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Single-substance and mixture toxicity of five pharmaceuticals and personal care products to marine periphyton communities

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Abstract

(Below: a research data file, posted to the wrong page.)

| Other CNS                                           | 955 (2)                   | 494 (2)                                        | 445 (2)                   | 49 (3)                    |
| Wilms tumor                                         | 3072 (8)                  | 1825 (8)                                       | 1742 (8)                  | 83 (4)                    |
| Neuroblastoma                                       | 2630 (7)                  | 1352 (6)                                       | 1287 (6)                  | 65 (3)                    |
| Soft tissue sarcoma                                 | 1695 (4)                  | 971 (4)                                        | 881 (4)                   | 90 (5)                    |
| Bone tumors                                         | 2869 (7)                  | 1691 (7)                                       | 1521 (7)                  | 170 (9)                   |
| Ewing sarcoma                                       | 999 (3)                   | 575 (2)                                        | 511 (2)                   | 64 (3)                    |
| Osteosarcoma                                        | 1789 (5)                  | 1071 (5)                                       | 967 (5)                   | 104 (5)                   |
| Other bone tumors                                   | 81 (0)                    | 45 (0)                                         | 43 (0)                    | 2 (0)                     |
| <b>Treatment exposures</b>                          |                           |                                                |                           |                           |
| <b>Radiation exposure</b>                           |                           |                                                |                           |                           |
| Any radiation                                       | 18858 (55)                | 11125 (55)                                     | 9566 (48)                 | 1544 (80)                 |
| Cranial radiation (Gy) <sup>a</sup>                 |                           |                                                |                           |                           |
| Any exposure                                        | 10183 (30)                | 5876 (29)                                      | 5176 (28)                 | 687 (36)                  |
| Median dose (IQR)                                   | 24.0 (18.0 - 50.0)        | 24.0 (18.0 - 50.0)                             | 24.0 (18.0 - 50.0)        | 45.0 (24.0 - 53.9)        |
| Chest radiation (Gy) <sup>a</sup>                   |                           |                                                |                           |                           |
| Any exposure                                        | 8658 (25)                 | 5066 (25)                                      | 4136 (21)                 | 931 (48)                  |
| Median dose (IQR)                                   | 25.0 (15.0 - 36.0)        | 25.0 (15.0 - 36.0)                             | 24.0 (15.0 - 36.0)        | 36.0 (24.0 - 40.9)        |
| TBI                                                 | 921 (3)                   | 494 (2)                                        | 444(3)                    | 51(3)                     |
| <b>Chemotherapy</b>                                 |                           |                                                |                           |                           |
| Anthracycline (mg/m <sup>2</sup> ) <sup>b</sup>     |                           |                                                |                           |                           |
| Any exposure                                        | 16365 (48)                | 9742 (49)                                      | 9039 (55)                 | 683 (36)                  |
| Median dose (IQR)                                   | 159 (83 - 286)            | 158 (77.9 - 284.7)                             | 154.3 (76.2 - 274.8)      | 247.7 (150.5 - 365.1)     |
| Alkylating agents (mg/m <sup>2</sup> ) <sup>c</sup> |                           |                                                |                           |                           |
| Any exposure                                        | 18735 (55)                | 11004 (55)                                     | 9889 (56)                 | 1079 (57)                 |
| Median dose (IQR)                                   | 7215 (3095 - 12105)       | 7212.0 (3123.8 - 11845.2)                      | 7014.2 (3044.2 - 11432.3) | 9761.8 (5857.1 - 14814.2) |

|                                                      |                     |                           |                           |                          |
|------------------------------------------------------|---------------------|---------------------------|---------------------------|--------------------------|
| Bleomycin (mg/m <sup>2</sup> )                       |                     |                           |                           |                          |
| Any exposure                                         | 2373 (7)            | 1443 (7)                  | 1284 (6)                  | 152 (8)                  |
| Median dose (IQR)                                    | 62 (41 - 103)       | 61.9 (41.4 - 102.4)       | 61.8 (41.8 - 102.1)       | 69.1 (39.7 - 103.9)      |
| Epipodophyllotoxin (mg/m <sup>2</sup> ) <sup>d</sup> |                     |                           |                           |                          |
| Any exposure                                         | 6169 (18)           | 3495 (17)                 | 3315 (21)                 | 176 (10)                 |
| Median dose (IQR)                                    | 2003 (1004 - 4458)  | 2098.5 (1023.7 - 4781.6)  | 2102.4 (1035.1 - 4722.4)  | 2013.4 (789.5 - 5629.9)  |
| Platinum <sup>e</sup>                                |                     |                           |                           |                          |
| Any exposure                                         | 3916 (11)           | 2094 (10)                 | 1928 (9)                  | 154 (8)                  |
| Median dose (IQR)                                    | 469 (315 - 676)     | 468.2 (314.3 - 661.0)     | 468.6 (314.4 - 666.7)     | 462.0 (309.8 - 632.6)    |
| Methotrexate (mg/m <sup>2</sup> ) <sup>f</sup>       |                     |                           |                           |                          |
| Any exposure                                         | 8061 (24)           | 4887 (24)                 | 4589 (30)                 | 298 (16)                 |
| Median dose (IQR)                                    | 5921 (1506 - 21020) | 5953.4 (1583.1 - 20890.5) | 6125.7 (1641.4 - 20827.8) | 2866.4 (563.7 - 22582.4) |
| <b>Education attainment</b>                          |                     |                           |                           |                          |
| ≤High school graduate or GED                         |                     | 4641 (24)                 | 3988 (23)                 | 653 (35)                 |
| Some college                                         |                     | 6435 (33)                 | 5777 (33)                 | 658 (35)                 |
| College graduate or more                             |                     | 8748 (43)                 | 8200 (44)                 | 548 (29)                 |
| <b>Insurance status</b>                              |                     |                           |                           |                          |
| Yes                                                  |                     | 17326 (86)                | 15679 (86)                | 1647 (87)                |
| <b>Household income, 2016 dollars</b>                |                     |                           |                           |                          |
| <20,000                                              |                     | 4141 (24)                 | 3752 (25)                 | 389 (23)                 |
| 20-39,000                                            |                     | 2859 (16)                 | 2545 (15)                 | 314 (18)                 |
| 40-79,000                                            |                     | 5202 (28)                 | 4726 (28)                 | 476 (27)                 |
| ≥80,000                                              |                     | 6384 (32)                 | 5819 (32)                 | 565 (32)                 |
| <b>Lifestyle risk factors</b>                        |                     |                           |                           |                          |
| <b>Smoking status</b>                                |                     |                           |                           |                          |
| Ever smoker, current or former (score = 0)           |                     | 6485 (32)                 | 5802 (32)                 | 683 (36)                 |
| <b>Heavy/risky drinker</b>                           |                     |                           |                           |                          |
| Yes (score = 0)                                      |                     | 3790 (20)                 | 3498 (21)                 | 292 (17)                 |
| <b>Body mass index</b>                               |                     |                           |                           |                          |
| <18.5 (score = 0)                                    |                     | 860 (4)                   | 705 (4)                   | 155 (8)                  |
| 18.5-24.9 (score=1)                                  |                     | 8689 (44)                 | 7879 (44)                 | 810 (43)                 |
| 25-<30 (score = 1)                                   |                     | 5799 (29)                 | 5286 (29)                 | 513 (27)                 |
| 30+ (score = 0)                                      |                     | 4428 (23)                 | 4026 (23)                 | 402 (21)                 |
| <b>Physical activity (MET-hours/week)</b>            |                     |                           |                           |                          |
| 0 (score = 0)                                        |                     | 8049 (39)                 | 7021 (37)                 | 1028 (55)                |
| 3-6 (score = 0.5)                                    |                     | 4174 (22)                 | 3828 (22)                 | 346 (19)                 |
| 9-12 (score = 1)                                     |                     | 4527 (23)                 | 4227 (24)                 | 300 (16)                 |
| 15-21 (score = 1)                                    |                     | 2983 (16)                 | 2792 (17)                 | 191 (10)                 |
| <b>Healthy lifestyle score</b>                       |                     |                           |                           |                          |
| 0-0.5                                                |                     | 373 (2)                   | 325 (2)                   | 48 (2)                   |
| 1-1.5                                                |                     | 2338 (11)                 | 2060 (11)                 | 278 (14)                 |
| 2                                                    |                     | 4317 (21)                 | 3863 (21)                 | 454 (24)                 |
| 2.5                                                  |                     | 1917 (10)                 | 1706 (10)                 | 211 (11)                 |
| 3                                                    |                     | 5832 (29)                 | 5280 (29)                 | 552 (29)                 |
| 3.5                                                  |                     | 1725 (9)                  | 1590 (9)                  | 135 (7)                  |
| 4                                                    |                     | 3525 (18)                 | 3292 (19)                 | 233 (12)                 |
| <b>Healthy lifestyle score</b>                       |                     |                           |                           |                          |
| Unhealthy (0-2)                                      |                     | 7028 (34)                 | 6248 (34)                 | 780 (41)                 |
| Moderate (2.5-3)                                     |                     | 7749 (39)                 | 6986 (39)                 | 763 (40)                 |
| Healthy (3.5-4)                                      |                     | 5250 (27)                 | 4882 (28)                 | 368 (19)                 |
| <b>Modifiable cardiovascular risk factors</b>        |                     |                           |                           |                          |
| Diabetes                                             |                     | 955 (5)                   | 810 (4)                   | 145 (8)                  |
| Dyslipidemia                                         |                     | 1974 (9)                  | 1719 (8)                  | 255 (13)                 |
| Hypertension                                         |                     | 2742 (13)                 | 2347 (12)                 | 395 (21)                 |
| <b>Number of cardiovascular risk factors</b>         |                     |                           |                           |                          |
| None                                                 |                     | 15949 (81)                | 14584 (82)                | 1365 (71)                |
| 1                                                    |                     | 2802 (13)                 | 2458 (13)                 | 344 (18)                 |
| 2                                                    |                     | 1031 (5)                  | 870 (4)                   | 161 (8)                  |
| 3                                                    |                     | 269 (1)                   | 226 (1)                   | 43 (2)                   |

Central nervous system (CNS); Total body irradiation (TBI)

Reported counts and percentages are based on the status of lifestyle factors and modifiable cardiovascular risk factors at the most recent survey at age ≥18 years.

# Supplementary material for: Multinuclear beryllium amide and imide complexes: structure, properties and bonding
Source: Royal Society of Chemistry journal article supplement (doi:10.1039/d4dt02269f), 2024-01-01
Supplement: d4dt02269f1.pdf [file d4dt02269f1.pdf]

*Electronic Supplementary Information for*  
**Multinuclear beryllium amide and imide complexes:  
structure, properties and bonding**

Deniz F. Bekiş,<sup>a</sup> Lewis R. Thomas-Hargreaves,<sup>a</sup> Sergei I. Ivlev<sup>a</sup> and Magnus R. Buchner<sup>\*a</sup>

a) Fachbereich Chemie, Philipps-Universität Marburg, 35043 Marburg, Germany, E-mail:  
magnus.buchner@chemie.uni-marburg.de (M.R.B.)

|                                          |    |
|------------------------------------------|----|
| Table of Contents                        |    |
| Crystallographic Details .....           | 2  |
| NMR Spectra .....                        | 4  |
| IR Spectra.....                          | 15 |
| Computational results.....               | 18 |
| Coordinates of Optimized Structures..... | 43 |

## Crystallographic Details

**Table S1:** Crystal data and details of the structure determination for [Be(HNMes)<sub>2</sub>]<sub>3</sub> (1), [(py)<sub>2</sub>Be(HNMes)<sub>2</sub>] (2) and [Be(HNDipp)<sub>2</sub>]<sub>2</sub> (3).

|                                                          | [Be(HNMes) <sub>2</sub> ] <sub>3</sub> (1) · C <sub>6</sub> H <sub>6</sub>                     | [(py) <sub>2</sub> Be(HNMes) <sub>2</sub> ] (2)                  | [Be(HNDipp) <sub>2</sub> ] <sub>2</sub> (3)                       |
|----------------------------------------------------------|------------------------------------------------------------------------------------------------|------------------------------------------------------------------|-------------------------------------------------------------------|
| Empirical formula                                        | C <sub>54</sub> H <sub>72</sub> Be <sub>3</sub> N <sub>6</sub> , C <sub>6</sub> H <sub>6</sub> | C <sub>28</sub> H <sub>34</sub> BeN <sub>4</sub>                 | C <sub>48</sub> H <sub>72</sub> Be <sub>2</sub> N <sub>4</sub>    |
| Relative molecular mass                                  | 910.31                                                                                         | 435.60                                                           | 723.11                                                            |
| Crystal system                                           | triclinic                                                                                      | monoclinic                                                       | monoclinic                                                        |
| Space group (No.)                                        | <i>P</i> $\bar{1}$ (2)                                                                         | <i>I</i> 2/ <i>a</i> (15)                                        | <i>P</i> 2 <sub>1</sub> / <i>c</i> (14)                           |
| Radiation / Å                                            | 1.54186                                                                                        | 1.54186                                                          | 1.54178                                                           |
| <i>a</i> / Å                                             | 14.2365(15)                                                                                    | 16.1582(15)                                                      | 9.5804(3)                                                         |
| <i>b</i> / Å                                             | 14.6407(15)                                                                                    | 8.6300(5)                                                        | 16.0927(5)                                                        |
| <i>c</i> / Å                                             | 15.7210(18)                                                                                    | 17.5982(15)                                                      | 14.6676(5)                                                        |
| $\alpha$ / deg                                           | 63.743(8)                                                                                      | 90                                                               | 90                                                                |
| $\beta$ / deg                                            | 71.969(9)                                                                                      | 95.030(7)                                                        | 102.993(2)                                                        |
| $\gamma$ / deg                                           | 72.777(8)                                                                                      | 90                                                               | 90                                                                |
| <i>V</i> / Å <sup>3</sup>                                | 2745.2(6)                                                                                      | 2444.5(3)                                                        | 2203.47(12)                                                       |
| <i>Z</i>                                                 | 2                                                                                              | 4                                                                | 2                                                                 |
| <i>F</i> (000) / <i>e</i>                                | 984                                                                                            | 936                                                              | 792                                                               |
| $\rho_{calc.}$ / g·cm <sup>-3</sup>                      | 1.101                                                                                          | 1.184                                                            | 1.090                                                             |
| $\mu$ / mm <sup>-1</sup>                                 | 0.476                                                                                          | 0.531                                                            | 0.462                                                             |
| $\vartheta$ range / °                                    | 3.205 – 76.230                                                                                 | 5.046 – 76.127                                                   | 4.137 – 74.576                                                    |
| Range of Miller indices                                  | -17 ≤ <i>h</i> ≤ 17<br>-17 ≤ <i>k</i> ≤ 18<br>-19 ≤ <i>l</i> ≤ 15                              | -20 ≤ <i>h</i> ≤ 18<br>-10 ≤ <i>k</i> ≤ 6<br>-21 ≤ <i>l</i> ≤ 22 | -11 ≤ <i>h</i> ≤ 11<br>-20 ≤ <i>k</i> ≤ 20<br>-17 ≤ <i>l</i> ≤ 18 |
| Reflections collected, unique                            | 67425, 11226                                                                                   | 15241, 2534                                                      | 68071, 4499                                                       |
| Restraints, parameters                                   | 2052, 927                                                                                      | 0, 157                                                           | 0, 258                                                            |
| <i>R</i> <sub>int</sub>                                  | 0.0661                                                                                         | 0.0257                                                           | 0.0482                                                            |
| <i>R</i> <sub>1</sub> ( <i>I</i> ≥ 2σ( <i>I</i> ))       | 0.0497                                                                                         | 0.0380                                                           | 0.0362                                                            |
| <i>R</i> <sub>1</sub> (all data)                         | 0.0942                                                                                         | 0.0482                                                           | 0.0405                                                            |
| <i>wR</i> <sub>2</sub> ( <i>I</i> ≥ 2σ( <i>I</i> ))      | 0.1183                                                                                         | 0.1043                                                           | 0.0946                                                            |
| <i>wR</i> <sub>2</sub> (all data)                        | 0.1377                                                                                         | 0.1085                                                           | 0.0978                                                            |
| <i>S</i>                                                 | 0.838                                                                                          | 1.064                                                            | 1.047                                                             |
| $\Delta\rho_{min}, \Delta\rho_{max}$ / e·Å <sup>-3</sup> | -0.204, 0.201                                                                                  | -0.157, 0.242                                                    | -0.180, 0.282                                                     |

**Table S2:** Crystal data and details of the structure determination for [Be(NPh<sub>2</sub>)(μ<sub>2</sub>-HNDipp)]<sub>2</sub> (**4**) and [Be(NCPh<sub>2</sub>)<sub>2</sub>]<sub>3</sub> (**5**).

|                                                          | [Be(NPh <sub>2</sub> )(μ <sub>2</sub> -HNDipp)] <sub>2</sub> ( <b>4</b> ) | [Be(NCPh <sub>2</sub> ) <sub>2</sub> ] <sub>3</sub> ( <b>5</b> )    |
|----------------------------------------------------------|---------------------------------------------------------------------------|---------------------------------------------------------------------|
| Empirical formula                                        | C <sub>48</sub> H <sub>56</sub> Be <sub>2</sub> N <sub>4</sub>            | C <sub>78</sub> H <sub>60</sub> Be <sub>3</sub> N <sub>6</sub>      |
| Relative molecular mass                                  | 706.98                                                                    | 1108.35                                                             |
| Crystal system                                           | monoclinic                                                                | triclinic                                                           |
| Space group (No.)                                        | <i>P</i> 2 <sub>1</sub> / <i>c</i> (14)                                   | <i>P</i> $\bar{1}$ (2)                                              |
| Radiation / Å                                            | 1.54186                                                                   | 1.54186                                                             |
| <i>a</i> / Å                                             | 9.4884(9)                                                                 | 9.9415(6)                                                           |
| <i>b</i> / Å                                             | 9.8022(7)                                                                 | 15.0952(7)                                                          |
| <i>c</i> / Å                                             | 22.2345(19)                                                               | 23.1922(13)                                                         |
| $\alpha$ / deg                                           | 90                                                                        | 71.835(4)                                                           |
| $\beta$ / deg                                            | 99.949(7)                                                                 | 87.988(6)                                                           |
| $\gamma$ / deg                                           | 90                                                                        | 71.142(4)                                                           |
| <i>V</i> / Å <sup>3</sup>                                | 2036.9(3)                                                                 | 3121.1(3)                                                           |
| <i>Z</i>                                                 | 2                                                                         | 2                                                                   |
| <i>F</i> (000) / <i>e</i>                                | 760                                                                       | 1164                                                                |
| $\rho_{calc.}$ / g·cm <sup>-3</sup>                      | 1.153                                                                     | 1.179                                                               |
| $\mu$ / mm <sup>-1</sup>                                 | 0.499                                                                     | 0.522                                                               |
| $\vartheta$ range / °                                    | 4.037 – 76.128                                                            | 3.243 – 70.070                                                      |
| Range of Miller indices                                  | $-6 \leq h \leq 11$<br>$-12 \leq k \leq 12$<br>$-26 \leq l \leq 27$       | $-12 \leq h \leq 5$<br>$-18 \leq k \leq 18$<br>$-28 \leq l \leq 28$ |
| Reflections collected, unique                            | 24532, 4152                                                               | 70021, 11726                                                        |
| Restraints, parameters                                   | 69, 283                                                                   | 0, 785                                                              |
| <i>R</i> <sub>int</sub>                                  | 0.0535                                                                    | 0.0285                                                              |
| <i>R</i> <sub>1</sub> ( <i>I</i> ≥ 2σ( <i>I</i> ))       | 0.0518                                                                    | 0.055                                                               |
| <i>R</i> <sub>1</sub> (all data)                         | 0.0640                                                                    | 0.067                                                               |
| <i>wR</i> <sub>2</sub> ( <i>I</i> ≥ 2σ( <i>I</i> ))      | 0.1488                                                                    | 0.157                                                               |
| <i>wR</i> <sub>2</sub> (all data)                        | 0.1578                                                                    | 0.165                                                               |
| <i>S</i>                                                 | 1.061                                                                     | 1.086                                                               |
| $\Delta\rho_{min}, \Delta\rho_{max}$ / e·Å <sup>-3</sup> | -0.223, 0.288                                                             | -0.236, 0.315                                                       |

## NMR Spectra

The single-substance and mixture toxicity of five pharmaceuticals and personal care products (fluoxetine, propranolol, triclosan, zinc-pyrithione, and clotrimazole) to marine microalgal communities (periphyton) was investigated. All compounds proved to be toxic, with median effective concentration values (EC50s) between 1,800 nmol/L (triclosan) and 7.2 nmol/L (Zn-pyrithione). With an EC50 of 356 nmol/L, the toxicity of the mixture falls into this span, indicating the absence of strong synergisms or antagonisms. In fact, a comparison with mixture toxicity predictions by the classical mixture concepts of concentration addition and independent action showed a good predictability in the upper effect range. However, the mixture provoked stimulating effects (hormesis) in the lower effect range, hampering the application of either concept. An independent repetition of the mixture experiment resulted in a principally similar concentration–response curve, again with clear hormesis effects in the lower range of test concentrations. However, the curve was shifted toward higher effect concentrations (EC50 1,070 nmol/L), which likely is due to changes in the initial species composition. Clear mixture effects were observed even when all five components were present only at their individual no-observed-effect concentrations (NOECs). These results show that, even with respect to mixtures of chemically and functionally dissimilar compounds, such as the five pharmaceuticals and personal care products investigated, environmental quality standards must take possible mixture effects from low-effect concentrations of individual compounds into consideration. Environ. Toxicol. Chem. 2011;30:2030–2040. © 2011 SETAC

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